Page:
Leadership Strategies

Macroeconomic Impact on Cloud Adoption for Businesses

Q3 marks a turning point for companies as they consider a budget-constrained future in a cash-strapped world
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At IDC Cloud Pulse, a quarterly survey that takes in views from up to 1,700 cloud consumers, we have been tracking how companies are being impacted by, and how they are responding to, macroeconomic trends. We then consider how this relates to the consumption of cloud. Questions around Inflation and Energy Costs were added to our survey first in Q1, 2022. The Possibility of a Recession was new in Q3. And we will now be adding Recession into future surveys.

These new additions tell a story about the challenges businesses have had to endure over this last year. Not as much, however, as the responses we received when we asked about the likely impacts to businesses.

Source: n = 1,700 Source: QP1 3Q22 Cloud Pulse Survey, September 2022, IDC

Each quarter companies are asked what events are most likely to cause disruption to their business over the course of the year. They can respond using a sliding scale of 0-10 with 10 being the highest amount of disruption. The above results show only those responses between 8-10 (what we would consider as ‘high impact’).

During Q1 and Q2, not too many more than a third of companies said they felt they were experiencing major impacts from the macroeconomic trends we asked about. In Q3, this rose to around a half.  Inflationary costs were seen across more of the business, energy price rises became a reality, and national and global recessions became less likely to avoid. At the same time, markets still battled ongoing supply chain challenges, in part brought on by continued to reactions to the COVID pandemic. Many of these impacts are intertwined, making the current macroeconomic landscape even more difficult for companies to navigate.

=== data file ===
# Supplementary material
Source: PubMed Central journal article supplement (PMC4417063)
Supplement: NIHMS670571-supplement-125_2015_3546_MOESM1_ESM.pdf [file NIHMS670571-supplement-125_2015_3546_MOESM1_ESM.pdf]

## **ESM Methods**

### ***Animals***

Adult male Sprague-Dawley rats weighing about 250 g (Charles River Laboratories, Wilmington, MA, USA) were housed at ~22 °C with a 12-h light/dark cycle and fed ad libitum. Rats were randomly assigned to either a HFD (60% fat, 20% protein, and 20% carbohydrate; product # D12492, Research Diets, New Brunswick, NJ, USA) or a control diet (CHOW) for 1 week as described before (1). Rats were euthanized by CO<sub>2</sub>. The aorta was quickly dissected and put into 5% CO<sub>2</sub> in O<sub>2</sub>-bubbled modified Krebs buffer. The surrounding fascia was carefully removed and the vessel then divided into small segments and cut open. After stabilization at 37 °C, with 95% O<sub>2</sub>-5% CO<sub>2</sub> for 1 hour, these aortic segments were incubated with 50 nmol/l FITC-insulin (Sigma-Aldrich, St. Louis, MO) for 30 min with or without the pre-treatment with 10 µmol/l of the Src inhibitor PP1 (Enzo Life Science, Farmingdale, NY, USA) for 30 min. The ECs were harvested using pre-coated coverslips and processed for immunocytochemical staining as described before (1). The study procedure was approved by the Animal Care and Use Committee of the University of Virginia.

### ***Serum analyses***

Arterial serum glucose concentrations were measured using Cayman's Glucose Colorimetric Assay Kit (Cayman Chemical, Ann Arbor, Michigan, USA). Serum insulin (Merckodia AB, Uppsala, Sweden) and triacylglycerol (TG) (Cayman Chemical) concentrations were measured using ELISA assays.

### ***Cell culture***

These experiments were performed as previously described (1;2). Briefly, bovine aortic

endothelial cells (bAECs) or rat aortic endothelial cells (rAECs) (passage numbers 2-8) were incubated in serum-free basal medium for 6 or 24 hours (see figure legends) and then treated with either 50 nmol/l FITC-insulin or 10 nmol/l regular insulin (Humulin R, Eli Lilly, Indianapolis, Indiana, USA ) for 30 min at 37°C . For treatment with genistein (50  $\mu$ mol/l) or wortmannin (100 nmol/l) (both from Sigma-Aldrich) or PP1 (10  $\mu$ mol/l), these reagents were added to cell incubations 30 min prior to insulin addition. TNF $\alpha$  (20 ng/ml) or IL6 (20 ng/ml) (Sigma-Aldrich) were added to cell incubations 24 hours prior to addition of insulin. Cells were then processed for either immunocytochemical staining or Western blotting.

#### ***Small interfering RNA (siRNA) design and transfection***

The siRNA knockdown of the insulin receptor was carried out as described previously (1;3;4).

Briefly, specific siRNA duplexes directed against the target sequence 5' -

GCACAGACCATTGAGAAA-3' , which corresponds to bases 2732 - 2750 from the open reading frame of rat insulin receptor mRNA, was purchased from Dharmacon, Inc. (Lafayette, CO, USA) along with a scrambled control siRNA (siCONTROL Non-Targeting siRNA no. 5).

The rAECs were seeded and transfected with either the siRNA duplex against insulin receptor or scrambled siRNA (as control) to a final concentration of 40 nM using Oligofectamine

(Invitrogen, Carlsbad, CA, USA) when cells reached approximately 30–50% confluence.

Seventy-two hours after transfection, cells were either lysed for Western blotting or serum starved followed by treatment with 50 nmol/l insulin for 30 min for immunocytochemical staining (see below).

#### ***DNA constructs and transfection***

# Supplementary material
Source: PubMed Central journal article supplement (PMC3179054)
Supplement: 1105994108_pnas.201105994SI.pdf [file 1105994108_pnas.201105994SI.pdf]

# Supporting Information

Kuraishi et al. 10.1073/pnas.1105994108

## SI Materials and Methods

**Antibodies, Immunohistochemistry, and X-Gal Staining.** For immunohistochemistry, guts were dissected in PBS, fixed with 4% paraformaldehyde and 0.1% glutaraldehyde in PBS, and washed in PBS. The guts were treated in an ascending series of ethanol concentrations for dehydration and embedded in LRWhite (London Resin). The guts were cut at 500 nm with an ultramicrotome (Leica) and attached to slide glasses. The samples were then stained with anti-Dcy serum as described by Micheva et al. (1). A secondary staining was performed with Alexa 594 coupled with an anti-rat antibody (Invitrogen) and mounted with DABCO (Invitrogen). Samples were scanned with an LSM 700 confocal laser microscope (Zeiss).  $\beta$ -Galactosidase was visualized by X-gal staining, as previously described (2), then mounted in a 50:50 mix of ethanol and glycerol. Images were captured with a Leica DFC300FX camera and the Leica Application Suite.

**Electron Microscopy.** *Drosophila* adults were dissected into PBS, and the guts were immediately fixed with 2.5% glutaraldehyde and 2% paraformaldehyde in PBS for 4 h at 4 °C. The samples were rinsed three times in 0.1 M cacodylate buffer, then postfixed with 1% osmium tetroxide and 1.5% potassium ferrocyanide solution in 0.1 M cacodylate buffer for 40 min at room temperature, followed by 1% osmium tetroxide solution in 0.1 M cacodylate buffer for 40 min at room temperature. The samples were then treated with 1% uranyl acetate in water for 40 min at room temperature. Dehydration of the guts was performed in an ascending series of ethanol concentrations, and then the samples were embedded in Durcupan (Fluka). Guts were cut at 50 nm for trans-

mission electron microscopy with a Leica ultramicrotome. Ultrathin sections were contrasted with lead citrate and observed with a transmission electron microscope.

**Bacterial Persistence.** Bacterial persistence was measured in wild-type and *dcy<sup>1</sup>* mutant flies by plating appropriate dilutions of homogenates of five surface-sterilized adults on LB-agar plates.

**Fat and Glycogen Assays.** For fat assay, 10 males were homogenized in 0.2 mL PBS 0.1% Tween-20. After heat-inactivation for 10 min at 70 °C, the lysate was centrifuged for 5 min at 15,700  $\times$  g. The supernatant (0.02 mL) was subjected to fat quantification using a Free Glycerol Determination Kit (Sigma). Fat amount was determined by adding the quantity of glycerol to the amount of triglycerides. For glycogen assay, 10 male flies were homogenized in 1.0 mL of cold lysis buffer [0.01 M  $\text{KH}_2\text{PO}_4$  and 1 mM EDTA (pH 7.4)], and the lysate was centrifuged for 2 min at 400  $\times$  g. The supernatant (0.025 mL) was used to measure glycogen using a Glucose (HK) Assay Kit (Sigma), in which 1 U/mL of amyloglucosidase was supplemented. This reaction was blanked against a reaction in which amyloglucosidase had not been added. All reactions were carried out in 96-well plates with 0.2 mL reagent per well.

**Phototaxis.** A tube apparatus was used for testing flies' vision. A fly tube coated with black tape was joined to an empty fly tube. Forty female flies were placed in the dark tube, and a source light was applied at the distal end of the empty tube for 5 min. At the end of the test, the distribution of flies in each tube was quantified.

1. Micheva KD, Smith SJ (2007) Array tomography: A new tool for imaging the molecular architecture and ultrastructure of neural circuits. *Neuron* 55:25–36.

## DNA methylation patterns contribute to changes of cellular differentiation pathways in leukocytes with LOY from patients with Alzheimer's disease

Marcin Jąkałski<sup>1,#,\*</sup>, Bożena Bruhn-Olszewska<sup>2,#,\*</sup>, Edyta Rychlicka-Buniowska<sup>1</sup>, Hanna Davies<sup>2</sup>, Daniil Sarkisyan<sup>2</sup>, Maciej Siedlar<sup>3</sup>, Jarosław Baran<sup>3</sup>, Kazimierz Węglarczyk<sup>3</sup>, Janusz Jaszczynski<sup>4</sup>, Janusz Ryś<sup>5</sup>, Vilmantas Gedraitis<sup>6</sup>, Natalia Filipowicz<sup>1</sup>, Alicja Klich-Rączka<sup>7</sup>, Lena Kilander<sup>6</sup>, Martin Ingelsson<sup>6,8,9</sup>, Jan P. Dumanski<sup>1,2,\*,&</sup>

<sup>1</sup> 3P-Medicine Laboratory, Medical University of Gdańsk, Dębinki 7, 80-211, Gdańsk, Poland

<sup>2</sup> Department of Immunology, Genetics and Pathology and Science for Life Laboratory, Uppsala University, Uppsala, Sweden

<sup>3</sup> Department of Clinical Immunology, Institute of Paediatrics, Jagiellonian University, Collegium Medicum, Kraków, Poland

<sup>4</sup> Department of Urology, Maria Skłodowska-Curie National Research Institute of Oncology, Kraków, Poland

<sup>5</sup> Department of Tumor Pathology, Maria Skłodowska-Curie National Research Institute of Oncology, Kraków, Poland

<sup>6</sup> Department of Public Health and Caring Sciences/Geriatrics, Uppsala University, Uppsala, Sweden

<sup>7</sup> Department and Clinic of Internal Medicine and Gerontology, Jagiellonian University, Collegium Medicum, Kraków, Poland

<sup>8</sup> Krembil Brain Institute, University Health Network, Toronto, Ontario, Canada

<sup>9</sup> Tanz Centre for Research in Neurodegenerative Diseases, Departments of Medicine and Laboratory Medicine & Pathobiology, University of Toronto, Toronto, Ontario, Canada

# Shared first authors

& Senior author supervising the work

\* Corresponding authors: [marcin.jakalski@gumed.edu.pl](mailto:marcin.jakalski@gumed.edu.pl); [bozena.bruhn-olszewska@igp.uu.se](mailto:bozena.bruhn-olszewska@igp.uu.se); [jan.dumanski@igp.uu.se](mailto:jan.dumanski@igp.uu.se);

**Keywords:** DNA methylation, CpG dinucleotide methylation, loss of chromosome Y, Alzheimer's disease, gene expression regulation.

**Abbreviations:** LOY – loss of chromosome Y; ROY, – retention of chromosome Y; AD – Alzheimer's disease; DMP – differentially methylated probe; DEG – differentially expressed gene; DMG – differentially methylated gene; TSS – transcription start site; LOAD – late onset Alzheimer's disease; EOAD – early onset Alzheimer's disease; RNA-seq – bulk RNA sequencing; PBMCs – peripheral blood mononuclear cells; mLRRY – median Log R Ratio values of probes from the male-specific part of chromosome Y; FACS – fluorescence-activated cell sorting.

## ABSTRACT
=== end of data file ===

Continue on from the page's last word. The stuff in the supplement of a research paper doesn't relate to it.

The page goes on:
IT Budgetary Impacts

During Q3, for the first time, we saw companies shift towards a more pessimistic view of the business environment. Early indications from our Q4 data suggest we will see even higher rates of pessimism moving forward.

This pessimism impacts budgets. Cloud makes up around 31% of IT budgets – this is up only slightly from around 30% seen in Q4, 2021 despite previous years showing higher annual rates of growth in terms of cloud as part of IT budgets. The real challenge is, however, that IT budgets are decreasing when viewed as a proportion of overall company revenue. As we know, company revenue is also being challenged (and where it isn’t, margins are suffering from increased costs).

Source: IDC, 2022

If we focus on the area of inflation – where we see some of the earliest impacts on industry in terms of economic stress – we gain valuable insight into why we are seeing budgetary constraints across IT. Companies operating or consuming a cloud environment first felt inflationary pressure in the form of increased professional services costs, and then application software subscriptions. These are two areas where companies are more likley to operate with rolling monthly contracts.

During Q3, we started to see more companies (25%) saying they could now see increases across private cloud infrastructure (most likely brought about as a result of increased equipment and energy costs). Internal skills costs were also a major challenge.